Saturday, September 13, 2014

V.i. Ophelia's Funeral - French Rock Opera

Johnny Hallyday's song for this sequence relates to Hamlet's great feats of love, outdoing a Laertes that is absent from the music itself. But it doesn't use Hamlet's lines per se. Instead, the three stanzas hark back to other moments in the play, unifying them in the theme of love, and confusing that theme with that of revenge. Before we get into it, I will post the original French lyrics, and my usual doggerel English translation.

Je l'aimais / Il est fou
Je prendrai un couteau d’acier
Et j’irai dans la forêt
Le jour, la nuit, sans m’arrêter
Sur tout les arbres je graverai
Je l’aimais, je l’aimais, je l’aimais

Je prendrai un bateau d’acier
Et j’irai sur l’océan
Je chercherai des ouragans
Et face au vent je crierai
Je l’aimais, je l’aimais, je l’aimais

Je prendrai un casque d’acier
Et j’irai chercher bataille
Et au milieu de la mitraille
En mourant je hurlerai
Je l’aimais, je l’aimais, je l’aimais

I Love Her / He is Mad
I will take a steel knife
And I will go in the forest
Day and night, without stopping
On every tree I will carve
I loved her, I loved her, I loved her

I will take a steel ship
And I will go on on the ocean
I will look for hurricanes
And facing the wind, I will shout
I loved her, I loved her, I loved her

I will take a steel helmet
And I will look for a battle
And in the middle of the shooting
While I die, I will scream
I loved her, I loved her, I loved her

Sheathing each image in steel may imply the presence of Laertes and presage the duel to come, or may function as a veiled threat to Claudius' person, also present, but it equally represents the violence done to Ophelia. The knife carving love notes on trees is the same that killed her father, and the tree a symbol of her death, its broken branch a herald of her drowning. In the second stanza, Hamlet takes us back to his sea voyage (the steel ship an anachronism, but also a metaphor for a ship of war/piracy), suicidal and unable to be heard, which was his condition before he left Denmark. The third takes us to Fortinbras' army converging on Denmark, then forward to his duel with Laertes and his death. Hallyday's adaptation changes Hamlet's motivation quite clearly. He is not motivated by revenge - the play is about a man who cannot take action on that impulse alone - but by love. He's saying Hamlet's resolve only comes when Ophelia is dead. The woman he came back for, and without whom he has nothing to live for. Everything that came before was merely family drama, investigation, and bitterness at having been jilted by Ophelia at her own family's request.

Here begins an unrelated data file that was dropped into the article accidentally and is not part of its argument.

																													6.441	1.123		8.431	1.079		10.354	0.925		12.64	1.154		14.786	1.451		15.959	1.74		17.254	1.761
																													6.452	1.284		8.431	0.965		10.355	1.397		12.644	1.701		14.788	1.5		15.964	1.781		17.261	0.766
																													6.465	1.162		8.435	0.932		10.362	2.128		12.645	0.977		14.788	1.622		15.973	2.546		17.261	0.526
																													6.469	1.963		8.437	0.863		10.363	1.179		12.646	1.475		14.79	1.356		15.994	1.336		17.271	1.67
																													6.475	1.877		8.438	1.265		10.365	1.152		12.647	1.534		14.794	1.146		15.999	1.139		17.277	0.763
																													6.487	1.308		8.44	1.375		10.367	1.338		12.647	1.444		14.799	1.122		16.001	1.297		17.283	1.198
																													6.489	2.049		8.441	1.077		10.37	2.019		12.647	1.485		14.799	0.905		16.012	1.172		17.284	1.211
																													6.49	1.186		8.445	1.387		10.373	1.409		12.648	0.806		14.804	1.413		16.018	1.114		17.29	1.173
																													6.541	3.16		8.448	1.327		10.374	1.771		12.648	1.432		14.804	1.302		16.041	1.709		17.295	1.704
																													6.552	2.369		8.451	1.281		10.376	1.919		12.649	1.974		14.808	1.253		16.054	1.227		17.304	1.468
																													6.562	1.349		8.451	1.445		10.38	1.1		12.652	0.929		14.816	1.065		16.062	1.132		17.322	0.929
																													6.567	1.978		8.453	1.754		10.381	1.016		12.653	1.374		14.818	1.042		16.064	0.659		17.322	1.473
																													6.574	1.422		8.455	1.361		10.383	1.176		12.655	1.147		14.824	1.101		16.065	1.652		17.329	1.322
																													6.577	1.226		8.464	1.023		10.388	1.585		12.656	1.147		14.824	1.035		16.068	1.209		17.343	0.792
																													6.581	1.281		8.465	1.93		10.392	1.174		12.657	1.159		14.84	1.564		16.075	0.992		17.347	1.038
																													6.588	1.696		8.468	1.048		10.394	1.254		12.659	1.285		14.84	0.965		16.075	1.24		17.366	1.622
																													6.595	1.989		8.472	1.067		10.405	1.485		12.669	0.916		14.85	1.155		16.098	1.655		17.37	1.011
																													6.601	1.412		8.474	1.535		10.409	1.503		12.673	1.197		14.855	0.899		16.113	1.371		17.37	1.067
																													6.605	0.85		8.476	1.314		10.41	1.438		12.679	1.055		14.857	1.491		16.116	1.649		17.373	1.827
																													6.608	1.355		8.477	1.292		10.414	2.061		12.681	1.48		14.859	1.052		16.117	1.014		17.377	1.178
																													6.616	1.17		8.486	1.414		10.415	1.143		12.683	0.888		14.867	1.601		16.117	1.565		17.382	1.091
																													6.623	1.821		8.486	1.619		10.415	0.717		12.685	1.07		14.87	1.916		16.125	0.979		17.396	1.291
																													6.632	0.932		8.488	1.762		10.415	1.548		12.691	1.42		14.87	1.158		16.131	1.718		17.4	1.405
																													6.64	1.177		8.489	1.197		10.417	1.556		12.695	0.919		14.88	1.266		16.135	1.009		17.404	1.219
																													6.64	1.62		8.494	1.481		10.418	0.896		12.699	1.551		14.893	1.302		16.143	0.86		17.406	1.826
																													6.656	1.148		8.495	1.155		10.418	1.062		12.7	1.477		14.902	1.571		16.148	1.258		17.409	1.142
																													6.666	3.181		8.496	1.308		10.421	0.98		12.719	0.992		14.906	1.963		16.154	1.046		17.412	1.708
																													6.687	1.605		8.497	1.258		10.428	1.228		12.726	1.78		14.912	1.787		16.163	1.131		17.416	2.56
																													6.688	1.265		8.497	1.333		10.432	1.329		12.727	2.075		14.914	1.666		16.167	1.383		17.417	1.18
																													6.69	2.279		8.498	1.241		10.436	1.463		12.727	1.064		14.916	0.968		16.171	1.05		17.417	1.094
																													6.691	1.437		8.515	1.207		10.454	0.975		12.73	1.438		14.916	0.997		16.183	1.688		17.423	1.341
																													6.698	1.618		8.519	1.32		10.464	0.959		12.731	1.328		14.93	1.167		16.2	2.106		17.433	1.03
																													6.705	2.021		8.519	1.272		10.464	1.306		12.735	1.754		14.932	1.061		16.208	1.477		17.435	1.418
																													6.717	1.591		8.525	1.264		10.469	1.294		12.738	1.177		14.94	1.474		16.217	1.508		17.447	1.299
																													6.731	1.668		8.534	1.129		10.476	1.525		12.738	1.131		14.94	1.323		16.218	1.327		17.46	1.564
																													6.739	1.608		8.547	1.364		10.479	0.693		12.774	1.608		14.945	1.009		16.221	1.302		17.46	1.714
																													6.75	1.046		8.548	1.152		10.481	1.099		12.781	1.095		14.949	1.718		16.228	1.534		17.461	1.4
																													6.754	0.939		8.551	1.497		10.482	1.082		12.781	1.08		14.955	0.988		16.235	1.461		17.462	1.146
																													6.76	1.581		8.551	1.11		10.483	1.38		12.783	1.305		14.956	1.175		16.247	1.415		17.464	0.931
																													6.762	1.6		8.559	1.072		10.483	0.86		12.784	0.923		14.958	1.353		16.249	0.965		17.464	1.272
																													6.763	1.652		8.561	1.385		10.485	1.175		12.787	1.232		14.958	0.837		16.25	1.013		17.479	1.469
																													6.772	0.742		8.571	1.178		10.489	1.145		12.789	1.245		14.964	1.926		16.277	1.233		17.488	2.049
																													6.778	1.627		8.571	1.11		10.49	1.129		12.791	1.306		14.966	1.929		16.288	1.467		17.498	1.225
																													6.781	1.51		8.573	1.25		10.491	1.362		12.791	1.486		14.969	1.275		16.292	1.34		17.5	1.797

As he protests his love for her again and again (the last line repeated over and over), the chorus chimes in with "Il est fou" ("He is mad"), repeated from the song Je suis fou/I Am Mad from way back in Act I Scene 5, when the Ghost made him swear an oath. So here we have the final osmosis between revenge and love as the cause of his madness passes from one to the other.

1 comment:

Johnniem said...

Tiresome to see so many miss the point Hamlet like Shakespeare is tired of the wasted words and culedesacs of those around him http://glasshalffull.blogspot.com